To be an Archivist in Wasp’s world is a far more coveted position than in our own. For starters, those who don’t make it are killed. And those who do gain possession of the only items known to ward and capture ghosts. They also gain the grudging tribute of a town barely scraping by, ensuring their survival—at least until the next round of competitors come up through the ranks to try to take the title by force.
Wasp hates the system from top to bottom, but thus far, her escape attempts have only earned her more scars from Catchkeep’s priest, who mediates between the living and the dead, the blessed and the mundane, the gods and the mere mortals. The goddess she serves is silent, so when a ghost appears and offers her an unimaginable prize in return for her help, she’s tempted. But how can she navigate her world and the ghost’s world while keeping her life and sanity intact?
The world and writing was immediately reminiscent of Caitlin R. Kiernan, so expertly bleak and grim and cruel that I wondered for a moment if there wasn’t some kind of pseudonym switcheroo going on, JK Rowling/Robert Galbraith style. But no, and as much as I love Kieran, I’m glad she didn’t write this book. Kornher-Stace infuses her narrative with much more character development and hope, and actual resolution to conflicts both internal and external.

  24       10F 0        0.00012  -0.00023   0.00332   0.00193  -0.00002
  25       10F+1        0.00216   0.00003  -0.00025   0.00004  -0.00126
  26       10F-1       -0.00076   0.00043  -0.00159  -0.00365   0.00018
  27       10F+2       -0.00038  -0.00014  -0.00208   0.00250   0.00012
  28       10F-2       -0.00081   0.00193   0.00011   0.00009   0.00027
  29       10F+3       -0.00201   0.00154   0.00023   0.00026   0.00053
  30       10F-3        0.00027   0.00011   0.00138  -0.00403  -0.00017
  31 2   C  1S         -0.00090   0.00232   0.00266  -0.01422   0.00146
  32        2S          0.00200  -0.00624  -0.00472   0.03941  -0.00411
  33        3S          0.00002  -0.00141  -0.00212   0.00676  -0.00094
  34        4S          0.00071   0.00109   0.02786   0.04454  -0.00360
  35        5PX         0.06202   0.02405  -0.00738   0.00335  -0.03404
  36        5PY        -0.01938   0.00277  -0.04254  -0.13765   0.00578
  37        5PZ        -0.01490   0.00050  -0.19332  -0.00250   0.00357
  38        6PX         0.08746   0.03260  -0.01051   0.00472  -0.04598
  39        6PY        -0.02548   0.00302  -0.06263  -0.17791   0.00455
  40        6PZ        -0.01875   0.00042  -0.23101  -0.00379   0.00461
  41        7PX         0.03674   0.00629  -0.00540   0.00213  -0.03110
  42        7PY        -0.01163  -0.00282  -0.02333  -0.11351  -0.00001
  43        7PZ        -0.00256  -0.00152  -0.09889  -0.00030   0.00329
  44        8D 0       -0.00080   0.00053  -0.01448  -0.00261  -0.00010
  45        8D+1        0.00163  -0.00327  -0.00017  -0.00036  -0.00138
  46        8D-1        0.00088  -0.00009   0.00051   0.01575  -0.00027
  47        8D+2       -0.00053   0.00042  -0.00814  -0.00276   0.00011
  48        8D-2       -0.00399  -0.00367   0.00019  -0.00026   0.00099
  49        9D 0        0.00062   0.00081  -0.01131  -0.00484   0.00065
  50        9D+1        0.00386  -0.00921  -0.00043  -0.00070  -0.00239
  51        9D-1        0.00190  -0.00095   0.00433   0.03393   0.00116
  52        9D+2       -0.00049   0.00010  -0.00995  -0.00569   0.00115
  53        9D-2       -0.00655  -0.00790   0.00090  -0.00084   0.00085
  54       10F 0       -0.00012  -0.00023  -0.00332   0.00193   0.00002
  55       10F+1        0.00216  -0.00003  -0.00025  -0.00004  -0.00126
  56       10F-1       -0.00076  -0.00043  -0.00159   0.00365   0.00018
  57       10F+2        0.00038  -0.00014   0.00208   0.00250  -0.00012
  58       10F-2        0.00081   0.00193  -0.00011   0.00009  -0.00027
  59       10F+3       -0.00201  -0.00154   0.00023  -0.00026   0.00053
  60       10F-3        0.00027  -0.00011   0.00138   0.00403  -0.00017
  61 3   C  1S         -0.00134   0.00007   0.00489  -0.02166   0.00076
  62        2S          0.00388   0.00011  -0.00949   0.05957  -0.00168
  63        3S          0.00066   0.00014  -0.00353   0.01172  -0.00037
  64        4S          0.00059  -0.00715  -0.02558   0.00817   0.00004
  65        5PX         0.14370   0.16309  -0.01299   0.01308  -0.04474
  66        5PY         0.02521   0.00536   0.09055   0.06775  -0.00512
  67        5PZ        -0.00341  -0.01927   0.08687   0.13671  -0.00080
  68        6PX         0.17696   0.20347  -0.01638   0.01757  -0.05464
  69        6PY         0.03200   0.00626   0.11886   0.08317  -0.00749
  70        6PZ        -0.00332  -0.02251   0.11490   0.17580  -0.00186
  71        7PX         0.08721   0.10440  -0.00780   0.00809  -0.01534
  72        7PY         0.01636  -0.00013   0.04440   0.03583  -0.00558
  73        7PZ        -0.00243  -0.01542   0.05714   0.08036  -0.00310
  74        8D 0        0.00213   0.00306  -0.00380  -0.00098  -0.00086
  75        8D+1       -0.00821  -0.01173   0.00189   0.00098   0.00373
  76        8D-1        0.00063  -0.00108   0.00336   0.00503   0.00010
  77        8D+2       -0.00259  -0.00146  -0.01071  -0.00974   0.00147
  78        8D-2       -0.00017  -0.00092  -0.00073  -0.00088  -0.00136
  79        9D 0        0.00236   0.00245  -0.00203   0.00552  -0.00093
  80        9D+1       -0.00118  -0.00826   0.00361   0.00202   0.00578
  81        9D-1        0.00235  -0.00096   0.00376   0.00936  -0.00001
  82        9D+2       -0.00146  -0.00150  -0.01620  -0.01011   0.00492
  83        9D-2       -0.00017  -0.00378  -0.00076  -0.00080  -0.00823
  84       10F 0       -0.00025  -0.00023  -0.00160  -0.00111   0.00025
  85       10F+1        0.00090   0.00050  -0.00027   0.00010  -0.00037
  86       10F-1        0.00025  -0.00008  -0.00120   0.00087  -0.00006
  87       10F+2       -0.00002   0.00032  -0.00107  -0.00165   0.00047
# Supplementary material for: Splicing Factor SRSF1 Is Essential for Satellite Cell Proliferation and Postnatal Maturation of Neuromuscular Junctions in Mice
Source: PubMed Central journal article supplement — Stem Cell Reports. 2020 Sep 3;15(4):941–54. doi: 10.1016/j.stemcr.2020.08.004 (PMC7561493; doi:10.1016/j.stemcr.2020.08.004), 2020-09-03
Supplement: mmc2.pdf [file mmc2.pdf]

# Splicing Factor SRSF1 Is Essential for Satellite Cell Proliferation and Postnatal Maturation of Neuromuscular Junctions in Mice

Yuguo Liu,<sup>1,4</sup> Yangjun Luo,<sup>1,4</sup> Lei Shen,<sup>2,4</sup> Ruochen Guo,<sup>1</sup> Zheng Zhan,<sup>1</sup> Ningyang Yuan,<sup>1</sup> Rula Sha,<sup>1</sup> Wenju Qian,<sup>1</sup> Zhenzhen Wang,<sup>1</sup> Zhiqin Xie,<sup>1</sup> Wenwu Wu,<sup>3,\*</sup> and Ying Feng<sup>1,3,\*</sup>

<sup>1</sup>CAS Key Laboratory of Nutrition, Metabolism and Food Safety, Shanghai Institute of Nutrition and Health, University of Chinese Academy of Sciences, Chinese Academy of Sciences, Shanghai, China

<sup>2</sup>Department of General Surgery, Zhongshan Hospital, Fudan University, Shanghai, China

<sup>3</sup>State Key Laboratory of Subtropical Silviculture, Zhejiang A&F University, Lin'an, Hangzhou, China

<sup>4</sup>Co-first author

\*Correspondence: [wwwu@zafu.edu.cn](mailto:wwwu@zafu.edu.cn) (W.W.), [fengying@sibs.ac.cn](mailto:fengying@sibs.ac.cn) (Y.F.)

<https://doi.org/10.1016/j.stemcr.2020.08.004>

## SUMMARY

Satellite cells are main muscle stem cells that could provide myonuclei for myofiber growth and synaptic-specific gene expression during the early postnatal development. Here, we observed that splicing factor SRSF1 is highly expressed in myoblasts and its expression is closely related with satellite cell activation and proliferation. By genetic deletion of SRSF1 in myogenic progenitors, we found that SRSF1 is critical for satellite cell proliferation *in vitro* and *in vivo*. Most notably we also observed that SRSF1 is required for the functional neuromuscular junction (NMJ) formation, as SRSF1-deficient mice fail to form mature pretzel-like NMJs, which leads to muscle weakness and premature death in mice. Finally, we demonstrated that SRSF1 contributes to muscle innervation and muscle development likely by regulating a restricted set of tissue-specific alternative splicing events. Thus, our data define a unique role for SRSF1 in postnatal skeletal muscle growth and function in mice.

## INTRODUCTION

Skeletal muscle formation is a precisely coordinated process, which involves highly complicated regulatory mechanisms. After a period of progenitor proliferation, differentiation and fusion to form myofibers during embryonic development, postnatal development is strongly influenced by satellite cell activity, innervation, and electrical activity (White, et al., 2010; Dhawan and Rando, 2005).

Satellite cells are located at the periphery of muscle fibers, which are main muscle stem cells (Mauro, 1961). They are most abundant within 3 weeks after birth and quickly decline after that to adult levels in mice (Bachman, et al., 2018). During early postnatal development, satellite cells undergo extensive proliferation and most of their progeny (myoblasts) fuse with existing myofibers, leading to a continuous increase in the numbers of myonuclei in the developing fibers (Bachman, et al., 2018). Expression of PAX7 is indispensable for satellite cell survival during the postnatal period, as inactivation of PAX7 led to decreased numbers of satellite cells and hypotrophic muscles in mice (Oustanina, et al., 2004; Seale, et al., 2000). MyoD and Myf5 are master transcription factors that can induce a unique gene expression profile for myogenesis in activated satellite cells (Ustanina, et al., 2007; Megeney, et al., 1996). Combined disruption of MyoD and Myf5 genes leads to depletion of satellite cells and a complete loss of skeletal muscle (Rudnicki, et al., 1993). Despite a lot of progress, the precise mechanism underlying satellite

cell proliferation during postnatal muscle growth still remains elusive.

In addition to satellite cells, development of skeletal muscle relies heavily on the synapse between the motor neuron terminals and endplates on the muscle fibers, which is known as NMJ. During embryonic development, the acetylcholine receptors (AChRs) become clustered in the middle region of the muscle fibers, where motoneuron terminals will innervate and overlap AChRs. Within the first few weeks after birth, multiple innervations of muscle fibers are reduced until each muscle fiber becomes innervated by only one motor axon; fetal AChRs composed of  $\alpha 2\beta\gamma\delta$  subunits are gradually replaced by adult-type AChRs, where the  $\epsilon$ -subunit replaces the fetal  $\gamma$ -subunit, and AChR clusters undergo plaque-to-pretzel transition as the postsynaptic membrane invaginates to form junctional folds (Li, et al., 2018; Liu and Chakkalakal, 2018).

In short, Kornher-Stace knows exactly how to write for an audience. Her action sequences are flawless: the language and imagery is precise, nothing distracting from the narrative. But when she needs to pull out the stops, her wordsmithing is remarkable to behold. She doesn’t over-explain, but you do get an immediate and thorough sense of the world(s) she’s created. It reminds of nothing so much as Gene Wolfe, the way she drops you into a world of magic and dilapidated technology and gives you just enough to stay afloat and to feed your sense of wonder. I savored her metaphors, and the scenes of emotional revelation were gut punches in the best possible way. This book had more creative juice and emotional depth than books twice its length.
Given how bloated books have become of late—some justifiably so, others not so much—I’m always impressed by a narrative that cuts all the flack. This is a lean, mean book with a lean, mean main character, and among all the post-apocalyptic dross, it’s pure gold.